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Benner v. Negley

decided: January 19, 1984.


Appeal from the United States District Court for the Northern District of Indiana, Lafayette Division. No. 81 C 29 -- Allen Sharp, Judge.

Wood, Posner, and Flaum, Circuit Judges.

Author: Flaum

FLAUM, Circuit Judge.

In Doe v. Koger, 710 F.2d 1209 (7th Cir. 1983), this court reaffirmed the proposition that prevailing plaintiffs are not entitled to attorneys' fees under section 615 of the Education of the Handicapped Act of 1975, 20 U.S.C. § 1415 (1982) (EHA), because EHA, which makes no provision for attorneys' fees, provides the exclusive remedy for claims concerning school placement decisions affecting handicapped children. This appeal raises a related issue: whether prevailing defendants are entitled to attorneys' fees in an action cognizable only under EHA. The district court held that the appellants were not so entitled, and we affirm, although for reasons different from those of the district court.


The appellees, plaintiffs below, filed their complaint on June 11, 1981. In the complaint they alleged that the appellants, various Indiana state and local agencies and officials responsible for education and mental health, had denied their daughter a free, appropriate, public education. Jurisdiction was alleged pursuant to 28 U.S.C. §§ 1331 and 1343 and section 615 of EHA. The appellees sought damages and also sought attorneys' fees pursuant to 42 U.S.C. § 1988.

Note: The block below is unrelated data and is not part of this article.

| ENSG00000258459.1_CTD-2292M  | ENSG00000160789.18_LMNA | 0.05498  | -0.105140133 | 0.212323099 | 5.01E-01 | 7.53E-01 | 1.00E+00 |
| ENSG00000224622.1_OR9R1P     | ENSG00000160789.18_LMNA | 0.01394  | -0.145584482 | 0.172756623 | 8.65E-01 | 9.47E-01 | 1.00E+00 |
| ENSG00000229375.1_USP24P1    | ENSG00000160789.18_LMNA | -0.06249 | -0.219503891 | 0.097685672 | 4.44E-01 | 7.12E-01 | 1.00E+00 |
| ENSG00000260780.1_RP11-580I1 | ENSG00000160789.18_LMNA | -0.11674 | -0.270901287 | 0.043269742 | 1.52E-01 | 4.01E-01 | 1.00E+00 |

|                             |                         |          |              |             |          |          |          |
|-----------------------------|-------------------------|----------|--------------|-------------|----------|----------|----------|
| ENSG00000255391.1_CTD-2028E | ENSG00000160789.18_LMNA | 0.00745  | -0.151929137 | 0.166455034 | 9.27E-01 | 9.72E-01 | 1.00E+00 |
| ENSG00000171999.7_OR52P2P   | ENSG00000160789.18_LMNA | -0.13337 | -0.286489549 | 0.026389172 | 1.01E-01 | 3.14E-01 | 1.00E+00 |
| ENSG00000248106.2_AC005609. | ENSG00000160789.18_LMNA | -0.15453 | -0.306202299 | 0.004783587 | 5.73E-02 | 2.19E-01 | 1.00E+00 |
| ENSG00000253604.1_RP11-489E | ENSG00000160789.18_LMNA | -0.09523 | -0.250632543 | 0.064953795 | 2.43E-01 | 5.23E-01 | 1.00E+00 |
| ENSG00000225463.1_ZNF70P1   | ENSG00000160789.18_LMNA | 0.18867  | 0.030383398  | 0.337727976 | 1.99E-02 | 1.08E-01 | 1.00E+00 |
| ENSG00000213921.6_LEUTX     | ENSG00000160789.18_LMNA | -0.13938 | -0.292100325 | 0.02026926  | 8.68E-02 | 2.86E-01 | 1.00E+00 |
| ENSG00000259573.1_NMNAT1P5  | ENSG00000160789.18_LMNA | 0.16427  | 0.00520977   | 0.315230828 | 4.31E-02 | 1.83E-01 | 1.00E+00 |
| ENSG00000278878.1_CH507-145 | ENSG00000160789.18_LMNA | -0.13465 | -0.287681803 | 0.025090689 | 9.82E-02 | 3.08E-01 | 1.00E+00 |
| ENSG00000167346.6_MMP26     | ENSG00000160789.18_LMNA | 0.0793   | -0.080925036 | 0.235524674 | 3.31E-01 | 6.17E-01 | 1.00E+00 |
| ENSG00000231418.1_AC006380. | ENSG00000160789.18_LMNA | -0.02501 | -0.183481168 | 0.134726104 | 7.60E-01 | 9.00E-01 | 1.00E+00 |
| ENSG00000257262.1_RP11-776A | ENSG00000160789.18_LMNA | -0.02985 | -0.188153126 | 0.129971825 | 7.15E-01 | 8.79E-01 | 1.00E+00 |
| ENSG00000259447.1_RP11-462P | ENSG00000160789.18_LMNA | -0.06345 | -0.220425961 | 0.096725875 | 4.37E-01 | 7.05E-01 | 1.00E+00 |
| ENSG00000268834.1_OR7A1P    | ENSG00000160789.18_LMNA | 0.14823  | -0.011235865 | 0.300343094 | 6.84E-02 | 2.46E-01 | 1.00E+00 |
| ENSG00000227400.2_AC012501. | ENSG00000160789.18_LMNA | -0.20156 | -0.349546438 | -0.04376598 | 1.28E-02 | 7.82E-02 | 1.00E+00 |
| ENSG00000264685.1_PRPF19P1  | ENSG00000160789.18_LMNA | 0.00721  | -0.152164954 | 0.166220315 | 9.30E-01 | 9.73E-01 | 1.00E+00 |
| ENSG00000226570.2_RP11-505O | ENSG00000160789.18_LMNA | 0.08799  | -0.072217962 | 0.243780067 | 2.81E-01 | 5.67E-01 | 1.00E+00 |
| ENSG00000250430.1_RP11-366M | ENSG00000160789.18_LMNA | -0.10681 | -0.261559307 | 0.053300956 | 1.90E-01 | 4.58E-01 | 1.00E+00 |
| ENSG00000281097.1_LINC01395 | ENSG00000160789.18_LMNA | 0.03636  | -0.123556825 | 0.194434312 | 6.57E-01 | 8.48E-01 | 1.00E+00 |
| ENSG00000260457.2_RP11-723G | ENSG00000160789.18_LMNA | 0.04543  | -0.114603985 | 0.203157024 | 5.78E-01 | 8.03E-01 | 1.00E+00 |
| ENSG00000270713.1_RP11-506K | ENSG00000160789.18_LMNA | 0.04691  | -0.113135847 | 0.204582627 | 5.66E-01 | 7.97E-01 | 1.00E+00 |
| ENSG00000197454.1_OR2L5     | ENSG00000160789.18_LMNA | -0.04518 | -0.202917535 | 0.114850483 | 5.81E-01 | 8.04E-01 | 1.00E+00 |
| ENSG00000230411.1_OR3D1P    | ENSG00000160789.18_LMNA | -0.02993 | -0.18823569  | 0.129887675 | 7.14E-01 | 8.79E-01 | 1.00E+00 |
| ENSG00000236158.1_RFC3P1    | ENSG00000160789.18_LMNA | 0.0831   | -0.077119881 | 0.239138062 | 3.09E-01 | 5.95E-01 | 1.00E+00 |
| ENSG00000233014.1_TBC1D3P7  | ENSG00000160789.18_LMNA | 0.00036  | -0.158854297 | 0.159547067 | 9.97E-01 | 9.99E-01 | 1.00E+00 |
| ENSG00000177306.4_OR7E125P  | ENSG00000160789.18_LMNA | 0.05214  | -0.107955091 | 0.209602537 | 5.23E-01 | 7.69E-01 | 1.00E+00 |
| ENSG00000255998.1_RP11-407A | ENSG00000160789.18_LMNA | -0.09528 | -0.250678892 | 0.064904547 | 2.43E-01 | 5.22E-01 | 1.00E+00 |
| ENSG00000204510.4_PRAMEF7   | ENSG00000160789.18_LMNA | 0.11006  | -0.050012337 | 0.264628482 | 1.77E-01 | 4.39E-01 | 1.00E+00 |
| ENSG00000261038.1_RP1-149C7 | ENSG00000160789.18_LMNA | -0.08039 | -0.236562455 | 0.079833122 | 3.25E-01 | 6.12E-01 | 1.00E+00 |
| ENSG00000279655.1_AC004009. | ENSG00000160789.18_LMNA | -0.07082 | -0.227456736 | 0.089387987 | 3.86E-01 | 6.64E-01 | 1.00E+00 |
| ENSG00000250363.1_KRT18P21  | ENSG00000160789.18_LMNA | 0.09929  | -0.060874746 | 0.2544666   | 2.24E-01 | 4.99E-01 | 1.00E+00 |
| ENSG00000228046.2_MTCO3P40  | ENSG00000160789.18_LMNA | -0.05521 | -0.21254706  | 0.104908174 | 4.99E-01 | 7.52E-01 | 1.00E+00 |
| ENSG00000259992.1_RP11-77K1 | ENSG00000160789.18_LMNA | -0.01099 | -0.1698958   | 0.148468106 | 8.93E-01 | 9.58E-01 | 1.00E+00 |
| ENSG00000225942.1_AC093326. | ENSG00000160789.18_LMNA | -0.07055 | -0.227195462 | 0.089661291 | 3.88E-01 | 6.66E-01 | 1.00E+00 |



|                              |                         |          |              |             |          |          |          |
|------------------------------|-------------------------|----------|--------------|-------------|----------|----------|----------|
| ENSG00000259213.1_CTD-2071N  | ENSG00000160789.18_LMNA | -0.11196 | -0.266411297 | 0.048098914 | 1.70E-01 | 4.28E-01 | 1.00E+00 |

The appellants subsequently answered, and the parties submitted discovery requests and responses. The appellants then moved for summary judgment. The district court granted the motion, holding (1) that EHA did not provide a private cause of action for damages; (2) that the appellees had failed to comply with EHA's statutory requirements by removing their daughter from her current educational placement before completing the administrative remedies available under EHA; (3) that the appellees had not exhausted available administrative procedures; and (4) that the appellees' claim was barred by res judicata.

The appellants next filed a motion for award of attorneys' fees pursuant to 42 U.S.C. § 1988.*fn1 The appellants argued that the appellees' claim for damages became meritless after this court's decision in Anderson v. Thompson, 658 F.2d 1205 (7th Cir. 1981), and that the appellants were therefore entitled to attorneys' fees for efforts expended after the Anderson decision in prosecuting their motion for summary judgment.

The district court denied the appellants' motion for fees, holding that Anderson barred a fee award to any prevailing party, either plaintiff or defendant.*fn2 Notwithstanding this disposition, the district court suggested that the appellees had litigated in bad faith: (1) by pursuing their claim after this court's decision in Anderson and the Fourth Circuit's decision in Stemple v. Board of Education, 623 F.2d 893 (4th Cir. 1980), cert. denied, 450 U.S. 911, 67 L. Ed. 2d 334, 101 S. Ct. 1348 (1981); (2) by failing to exhaust state administrative remedies; (3) by failing to plead or show bad faith by the appellants or danger to their daughter's health;*fn3 and (4) by filing this action after an almost identical action had been dismissed with prejudice in state court. The appellants filed a timely notice of appeal.